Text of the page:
Who Was Alexander the Great?
Alexander the Great, also known as Alexander III of Macedon, was born in 356 BC and became the King of Macedon in 336 BC. During his first 10 years in power, he established one of the largest kingdoms of the ancient world. Alexander the Great is remembered as one of the most successful military leaders ever, spending the majority of his reign directing military campaigns across northeast Africa and Asia. Historians believe he died sometime between June 10th and 11th of 323 BC at 32 years of age. The events surrounding his death are shrouded in mystery.
Events Leading Up to His Death
During the months prior to his death, Alexander the Great and his soldiers were traveling to Babylon for a break between military campaigns. According to historical accounts, they passed through the nation of Chaldea along the way. Here the citizens warned him that their deity had prophesied his death in Babylon. In order to reduce some of the bad luck associated with their journey, the group took an out-of-the-way route to avoid traveling toward the setting sun. According to local customs, the setting sun was considered a symbol of ruin. This alternate route turned out to be difficult as it was filled with swamps and wetlands.
Alexander the Great and his troops arrived in Babylon during the month of May. On May 29, a great banquet dinner was held in the palace of Nebuchadnezzar II, complete with plentiful food and alcohol. After a day of merrymaking, Alexander the Great reportedly complained of feeling sick and retired to his sleeping quarters for some rest. He remained in his bedroom, unable to leave, speak, or walk, for approximately 12 days before drawing his final breath.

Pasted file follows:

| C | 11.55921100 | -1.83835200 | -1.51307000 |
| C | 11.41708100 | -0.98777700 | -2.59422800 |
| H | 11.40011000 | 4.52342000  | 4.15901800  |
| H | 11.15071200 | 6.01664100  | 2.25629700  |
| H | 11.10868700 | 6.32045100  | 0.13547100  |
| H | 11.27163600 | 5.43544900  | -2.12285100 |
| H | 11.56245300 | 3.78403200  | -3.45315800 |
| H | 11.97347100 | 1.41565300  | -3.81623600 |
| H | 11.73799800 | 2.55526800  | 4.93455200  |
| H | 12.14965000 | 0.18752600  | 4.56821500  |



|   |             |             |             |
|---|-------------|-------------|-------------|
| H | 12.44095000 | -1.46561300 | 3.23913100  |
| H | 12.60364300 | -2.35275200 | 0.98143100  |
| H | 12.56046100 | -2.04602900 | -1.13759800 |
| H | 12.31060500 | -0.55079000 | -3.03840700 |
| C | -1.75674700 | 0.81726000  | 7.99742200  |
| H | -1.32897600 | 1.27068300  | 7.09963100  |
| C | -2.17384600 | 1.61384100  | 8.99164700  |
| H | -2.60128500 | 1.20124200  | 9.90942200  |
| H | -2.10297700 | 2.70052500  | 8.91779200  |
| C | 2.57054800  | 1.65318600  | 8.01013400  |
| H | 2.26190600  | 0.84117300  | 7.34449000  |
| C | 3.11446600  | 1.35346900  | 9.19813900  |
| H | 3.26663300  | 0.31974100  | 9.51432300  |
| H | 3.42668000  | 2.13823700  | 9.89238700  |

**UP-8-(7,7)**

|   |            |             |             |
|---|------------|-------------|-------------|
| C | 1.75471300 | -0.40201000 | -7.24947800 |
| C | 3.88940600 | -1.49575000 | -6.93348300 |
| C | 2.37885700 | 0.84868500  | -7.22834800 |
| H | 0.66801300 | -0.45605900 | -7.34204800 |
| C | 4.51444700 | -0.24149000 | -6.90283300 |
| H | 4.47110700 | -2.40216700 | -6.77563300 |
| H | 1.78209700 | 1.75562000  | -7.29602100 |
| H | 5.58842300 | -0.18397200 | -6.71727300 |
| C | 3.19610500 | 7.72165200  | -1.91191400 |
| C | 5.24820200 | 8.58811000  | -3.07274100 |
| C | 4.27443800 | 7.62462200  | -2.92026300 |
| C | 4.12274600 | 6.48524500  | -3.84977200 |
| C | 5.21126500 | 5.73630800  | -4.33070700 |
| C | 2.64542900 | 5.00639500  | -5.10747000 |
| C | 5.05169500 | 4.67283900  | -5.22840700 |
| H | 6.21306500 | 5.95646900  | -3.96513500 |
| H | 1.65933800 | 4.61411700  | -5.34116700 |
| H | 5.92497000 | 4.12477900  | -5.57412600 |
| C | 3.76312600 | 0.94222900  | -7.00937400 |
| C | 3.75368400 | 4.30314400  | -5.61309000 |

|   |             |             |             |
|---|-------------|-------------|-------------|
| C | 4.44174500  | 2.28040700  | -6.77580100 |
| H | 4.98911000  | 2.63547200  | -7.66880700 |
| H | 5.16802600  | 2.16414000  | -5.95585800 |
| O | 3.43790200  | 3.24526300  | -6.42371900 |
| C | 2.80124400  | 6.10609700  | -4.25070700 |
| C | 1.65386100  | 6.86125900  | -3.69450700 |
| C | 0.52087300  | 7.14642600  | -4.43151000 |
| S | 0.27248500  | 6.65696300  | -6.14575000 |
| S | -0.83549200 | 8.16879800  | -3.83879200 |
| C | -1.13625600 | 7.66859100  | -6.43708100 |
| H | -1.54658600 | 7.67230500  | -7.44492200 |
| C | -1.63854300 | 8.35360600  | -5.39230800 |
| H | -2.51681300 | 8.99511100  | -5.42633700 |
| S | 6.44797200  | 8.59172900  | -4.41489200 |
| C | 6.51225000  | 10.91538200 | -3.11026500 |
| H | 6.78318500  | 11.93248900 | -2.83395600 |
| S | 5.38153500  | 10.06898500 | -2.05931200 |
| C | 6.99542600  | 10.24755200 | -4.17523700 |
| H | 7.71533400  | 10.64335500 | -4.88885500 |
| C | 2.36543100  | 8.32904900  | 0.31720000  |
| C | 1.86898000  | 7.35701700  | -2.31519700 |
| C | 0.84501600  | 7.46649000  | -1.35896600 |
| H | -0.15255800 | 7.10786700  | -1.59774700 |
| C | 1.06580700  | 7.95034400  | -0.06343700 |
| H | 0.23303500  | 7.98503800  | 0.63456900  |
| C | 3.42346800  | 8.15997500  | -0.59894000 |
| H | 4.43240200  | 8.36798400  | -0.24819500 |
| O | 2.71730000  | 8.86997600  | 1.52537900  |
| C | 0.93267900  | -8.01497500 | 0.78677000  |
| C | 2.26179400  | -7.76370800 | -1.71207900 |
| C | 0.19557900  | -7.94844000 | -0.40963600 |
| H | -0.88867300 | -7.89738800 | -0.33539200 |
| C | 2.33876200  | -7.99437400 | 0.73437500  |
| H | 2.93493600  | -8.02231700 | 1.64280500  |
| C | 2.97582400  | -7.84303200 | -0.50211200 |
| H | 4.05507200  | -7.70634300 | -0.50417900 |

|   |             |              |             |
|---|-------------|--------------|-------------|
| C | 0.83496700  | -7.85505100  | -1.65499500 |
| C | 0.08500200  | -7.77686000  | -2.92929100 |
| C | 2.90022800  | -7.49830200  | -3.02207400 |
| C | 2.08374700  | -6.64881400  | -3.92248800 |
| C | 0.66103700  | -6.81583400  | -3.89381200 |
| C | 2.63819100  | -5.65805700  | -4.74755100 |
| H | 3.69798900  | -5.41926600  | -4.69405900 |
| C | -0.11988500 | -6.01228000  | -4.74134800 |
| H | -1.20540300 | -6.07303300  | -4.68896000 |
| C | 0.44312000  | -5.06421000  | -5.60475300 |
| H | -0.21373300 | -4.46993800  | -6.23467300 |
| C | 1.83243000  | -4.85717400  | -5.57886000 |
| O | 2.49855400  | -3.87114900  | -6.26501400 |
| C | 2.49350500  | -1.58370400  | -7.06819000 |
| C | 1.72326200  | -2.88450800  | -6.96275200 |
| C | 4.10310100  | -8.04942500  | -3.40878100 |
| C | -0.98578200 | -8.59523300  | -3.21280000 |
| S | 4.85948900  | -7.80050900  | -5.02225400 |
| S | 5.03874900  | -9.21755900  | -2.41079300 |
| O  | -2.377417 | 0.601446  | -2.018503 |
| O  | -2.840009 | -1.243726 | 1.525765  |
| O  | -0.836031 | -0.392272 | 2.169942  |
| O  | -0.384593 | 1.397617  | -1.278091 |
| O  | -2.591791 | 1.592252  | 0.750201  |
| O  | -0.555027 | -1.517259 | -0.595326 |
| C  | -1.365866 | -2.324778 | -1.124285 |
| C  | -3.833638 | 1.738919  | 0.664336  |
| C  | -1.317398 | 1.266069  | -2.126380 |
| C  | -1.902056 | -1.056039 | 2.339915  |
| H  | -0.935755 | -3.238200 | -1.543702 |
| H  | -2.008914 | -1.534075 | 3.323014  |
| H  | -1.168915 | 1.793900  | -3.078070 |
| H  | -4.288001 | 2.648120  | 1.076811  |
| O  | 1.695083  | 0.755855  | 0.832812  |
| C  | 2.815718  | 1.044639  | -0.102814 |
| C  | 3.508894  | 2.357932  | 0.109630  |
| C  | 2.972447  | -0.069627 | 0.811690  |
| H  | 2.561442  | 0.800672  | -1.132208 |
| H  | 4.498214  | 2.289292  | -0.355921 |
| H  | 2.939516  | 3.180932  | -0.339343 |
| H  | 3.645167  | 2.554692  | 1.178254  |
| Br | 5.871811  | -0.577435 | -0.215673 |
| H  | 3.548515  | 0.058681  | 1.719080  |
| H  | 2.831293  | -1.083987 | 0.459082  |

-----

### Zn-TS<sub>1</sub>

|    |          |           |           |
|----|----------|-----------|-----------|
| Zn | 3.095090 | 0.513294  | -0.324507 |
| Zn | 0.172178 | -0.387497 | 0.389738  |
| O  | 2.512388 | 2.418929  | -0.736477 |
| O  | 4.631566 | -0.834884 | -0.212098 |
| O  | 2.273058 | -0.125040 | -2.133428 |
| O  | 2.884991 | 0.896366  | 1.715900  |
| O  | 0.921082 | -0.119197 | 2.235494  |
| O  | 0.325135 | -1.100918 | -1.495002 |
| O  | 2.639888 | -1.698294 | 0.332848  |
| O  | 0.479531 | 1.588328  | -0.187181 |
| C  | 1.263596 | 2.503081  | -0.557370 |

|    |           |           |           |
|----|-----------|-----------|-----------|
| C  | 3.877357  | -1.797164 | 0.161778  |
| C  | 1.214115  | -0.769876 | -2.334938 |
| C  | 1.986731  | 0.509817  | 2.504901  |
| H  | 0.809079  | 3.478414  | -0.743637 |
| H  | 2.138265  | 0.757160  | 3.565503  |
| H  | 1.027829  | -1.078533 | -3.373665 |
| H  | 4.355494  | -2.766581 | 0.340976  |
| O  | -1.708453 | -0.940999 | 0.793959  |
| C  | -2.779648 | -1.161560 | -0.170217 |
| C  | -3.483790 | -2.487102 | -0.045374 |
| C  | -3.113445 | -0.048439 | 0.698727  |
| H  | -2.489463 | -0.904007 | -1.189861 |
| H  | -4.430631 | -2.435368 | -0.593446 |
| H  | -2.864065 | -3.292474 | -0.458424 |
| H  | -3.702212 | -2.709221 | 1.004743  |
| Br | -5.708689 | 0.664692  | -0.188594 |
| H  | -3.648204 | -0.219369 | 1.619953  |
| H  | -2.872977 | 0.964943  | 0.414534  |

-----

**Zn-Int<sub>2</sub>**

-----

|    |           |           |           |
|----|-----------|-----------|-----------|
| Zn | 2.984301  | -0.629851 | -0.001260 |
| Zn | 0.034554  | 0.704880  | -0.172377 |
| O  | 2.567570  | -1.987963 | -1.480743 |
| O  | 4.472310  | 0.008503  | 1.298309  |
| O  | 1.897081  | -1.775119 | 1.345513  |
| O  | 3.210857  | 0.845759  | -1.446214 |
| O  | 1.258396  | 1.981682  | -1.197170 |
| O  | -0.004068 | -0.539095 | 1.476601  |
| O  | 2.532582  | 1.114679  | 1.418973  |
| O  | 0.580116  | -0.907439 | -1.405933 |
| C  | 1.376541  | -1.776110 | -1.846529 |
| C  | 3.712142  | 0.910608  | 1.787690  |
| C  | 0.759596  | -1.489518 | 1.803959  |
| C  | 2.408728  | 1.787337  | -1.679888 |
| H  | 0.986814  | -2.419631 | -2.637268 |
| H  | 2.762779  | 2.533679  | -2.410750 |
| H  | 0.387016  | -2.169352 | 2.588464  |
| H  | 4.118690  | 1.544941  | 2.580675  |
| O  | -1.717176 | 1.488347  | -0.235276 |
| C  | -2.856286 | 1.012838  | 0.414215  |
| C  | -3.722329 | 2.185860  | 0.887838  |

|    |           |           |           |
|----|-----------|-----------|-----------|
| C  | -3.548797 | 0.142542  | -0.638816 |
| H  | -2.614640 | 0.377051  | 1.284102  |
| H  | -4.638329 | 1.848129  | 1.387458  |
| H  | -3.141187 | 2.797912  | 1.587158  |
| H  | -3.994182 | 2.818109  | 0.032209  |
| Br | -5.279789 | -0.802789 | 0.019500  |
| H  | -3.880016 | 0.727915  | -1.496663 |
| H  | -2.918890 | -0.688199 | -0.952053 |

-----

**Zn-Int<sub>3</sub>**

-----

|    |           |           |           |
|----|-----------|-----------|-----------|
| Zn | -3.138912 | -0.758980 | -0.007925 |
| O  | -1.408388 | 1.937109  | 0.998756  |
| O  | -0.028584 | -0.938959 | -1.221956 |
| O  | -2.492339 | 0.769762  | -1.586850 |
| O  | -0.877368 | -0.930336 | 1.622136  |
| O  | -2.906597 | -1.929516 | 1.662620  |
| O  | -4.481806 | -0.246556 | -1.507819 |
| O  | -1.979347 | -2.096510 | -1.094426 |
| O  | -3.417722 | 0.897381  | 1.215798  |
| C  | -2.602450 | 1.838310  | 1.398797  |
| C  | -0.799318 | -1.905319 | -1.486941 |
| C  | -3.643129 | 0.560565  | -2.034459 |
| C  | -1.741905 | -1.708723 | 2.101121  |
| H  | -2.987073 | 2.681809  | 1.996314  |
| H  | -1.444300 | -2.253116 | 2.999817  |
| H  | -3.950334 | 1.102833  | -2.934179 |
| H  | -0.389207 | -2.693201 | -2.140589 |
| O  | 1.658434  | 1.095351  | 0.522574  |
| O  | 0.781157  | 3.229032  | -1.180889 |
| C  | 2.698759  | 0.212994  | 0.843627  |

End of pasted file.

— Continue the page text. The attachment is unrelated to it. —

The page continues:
Cause of Death Theories
The actual cause of death remains unknown, although theories abound. Some of the suggested causes of Alexander the Great’s death include: poison, liver disease, typhoid fever, and malaria.
Because Alexander the Great was celebrating, dining, and drinking wine, many historians and historical accounts suggest that either his food or drink was poisoned. This theory posits that Antipater was behind the assassination. He had previously been removed from his position as Macedonian viceroy and would have had reason to seek revenge. Additionally, his son was responsible for serving wine to Alexander the Great all night. Toxicologists have debunked this theory, claiming that poison would take effect at a much faster rate than the 12 days he spent in bed. One toxicologist, however, has suggested that white hellebore, the Veratrum album lily plant, could have been used.
Another proposed cause of death is infectious disease such as malaria, West Nile virus, or typhoid fever. Not only were these three illnesses relatively common during the time, but historical records mention that Alexander the Great suffered from chills, fever, exhaustion, and profuse sweating the week prior to his death. These symptoms and his reported abdominal pain are often associated with all of these potential causes of death. In addition, Alexander was traveling through swamps and wetlands before arriving in Babylon, which could have exposed him to malaria or West Nile-carrying mosquitoes.